Which brings us to 'Play'. As confessed Mario platform-aholics we jumped into the 10 Mario Challenge mode to tackle pre-loaded stages. Though these are the work of Nintendo's teams they aren't simply 'normal' stages like those seen in New Super Mario Bros. U, for example. Evidently design rules and documents were ditched in favour of a simple policy - show off the available items and tools. Tackled with 10 lives at a time - though 1-Ups can be earned - you work through eight levels in one sitting to represent a 'World', but the resulting levels beautifully showcase just what that Create mode can do.

Some stages are cleared in 20 seconds with a bit of skill, others are clever 'remixes' of recognisable stages, and others are ambitious and crazy efforts. There's less concern with structure and more focus on short thrills, and they also show off the depth of the game's tool-set and how it takes the existing templates and goes to another level. Examples include the recently revealed sound and visual effects, with the former having custom recording options. You may spark mini-fireworks by stomping a larger enemy, or go into a familiar hidden area and be greeted by a Mario-style rave and light show. Its insanity of the best kind, and it pushes both nostalgia and discovery at the same time.


The discovery truly takes on another level when finding user-created levels, of course. While our build is final it's running with custom 'review' servers, with stages largely created by Nintendo staff; with unlocks and confidence come clever efforts from reviewers, Let's Play YouTubers and more, too. The layout is familiar by now, and it does a lovely job of showing the game template used, the clear percentage, number of stars given and a preview of the entire level in a zoomed out perspective. The process of discovery is somewhat addictive, with more time melting away than we expected when browsing and playing the available stages; goodness knows how much time with be lost when thousands upon thousands of players are uploading levels. The search options will be vital when that happens.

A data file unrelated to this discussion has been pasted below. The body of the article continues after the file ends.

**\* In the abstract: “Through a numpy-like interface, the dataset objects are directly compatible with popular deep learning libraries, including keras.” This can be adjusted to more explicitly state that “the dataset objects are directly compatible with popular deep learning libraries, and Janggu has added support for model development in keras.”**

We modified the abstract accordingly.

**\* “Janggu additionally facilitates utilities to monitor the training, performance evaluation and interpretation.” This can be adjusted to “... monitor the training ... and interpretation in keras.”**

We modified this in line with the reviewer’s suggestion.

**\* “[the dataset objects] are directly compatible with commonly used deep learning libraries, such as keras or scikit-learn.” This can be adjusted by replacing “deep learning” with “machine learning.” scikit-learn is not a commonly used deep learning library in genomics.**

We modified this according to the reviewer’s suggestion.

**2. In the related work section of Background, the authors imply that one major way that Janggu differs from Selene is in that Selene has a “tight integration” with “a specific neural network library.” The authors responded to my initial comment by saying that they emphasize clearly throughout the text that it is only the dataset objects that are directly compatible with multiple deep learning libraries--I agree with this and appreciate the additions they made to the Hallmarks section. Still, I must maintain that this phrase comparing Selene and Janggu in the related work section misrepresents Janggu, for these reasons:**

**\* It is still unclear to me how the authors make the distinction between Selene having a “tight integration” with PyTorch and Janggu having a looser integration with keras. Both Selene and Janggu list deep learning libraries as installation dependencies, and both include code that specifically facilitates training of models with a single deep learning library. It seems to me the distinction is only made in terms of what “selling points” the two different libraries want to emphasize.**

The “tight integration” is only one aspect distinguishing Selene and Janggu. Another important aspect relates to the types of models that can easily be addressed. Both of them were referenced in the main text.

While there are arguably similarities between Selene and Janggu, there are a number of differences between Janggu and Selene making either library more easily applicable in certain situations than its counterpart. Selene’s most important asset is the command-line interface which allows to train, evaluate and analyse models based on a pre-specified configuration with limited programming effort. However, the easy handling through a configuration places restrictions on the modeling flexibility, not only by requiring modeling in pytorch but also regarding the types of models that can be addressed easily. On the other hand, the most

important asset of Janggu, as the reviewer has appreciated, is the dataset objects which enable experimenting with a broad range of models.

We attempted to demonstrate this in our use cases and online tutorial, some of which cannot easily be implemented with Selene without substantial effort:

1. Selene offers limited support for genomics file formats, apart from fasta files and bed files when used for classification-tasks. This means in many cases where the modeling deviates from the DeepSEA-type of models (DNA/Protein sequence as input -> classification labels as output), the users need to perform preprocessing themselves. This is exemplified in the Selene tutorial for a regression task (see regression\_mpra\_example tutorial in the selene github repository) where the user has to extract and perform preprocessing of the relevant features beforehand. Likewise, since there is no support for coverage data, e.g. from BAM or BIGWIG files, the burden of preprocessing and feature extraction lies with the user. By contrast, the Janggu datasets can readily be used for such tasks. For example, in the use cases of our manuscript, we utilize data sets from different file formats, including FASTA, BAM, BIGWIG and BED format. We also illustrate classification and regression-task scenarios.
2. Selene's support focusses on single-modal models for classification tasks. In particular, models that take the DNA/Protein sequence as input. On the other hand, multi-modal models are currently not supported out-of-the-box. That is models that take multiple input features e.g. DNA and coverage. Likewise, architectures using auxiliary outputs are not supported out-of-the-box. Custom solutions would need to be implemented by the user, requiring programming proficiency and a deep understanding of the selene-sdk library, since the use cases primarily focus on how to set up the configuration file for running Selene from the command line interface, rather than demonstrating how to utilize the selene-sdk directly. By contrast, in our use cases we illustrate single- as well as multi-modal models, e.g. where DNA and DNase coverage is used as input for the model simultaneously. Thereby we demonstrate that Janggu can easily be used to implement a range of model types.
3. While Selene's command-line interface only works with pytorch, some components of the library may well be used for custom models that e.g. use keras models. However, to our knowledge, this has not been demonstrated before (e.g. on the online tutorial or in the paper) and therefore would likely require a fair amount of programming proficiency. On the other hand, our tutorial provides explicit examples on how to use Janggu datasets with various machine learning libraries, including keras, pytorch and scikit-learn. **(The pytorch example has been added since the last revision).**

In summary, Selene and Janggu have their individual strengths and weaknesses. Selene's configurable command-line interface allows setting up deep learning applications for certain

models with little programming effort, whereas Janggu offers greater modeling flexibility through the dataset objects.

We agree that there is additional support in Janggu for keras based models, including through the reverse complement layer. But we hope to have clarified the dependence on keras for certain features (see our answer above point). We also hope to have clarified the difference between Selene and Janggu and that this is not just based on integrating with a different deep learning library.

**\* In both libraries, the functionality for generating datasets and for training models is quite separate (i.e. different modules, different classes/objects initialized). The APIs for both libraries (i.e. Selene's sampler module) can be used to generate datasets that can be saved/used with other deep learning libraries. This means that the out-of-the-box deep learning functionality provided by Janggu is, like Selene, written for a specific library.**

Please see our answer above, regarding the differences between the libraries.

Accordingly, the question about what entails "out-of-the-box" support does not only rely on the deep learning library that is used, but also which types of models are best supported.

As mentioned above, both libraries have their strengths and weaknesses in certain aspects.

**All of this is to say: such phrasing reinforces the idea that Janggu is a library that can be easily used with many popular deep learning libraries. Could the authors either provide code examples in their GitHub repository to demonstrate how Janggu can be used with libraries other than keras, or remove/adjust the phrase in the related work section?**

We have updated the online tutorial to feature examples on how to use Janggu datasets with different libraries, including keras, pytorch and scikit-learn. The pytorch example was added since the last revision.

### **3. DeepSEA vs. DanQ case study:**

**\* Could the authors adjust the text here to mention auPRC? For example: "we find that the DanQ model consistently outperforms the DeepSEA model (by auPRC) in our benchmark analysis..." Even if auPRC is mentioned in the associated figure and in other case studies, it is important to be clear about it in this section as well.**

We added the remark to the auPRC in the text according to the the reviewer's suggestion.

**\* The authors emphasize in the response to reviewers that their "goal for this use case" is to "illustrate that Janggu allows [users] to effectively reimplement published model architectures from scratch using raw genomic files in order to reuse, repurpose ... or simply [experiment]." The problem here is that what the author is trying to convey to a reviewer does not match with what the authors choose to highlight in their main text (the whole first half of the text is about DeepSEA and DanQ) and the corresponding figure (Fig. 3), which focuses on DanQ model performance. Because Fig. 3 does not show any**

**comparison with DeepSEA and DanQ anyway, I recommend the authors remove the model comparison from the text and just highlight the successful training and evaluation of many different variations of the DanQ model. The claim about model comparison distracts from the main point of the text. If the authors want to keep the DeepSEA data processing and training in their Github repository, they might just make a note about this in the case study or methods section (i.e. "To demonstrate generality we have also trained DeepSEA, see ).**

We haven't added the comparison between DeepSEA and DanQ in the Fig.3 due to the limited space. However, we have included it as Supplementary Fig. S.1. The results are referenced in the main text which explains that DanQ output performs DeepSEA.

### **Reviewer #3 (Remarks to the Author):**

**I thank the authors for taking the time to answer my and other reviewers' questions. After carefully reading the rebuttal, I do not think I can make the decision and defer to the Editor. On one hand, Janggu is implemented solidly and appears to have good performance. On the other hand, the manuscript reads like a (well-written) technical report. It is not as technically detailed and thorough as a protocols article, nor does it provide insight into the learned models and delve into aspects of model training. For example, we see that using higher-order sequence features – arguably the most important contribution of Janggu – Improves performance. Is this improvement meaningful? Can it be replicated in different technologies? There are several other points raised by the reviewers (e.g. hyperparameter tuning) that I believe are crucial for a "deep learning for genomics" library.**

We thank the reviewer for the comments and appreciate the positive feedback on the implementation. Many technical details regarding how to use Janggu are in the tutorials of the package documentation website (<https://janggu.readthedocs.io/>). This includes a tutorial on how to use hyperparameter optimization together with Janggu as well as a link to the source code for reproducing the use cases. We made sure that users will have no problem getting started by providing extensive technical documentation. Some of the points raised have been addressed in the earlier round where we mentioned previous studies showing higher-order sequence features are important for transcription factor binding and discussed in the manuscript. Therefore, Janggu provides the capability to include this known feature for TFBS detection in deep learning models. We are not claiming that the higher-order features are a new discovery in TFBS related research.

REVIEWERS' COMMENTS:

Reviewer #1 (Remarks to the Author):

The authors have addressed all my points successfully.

If you like a stage there are multiple options, too. You can give a star, share Miiverse feedback and download the course to add to your own collection; you can even then edit and tweak that downloaded course, though it has a distinct icon to show that it's not an entirely original creation. The potential of the sharing and community aspect is enticing, and it's pleasing that - in this review build - the processes are exceptionally fast. Nintendo has evidently found clever and economical ways to process and store these levels as data, as navigating around levels, playing them and saving them is remarkably slick and snappy.


Therefore Play and Create come together rather well, and that relationship between the two attractions is indicative of the overall strength of this package. Super Mario Maker feels like a Nintendo game with no shortcuts or rushed compromises, and has evidently been a project carefully nurtured and prioritised. From the substantial functionality to the beautiful re-creation of 8- and 16-Bit Mario templates in HD, this really is shaping up to be the ultimate 2D Mario experience. If you're a fan of retro Mario - this is designed for you. If you're a fan of modern Mario - this is still designed for you. The cohesion, shine and creative spark on show feels like Nintendo at its very best.

We have some way to go yet in experiencing all of Super Mario Maker, but we're excited about what it delivers. It feels like a true leap forward for the Super Mario franchise, and that's a thrilling prospect.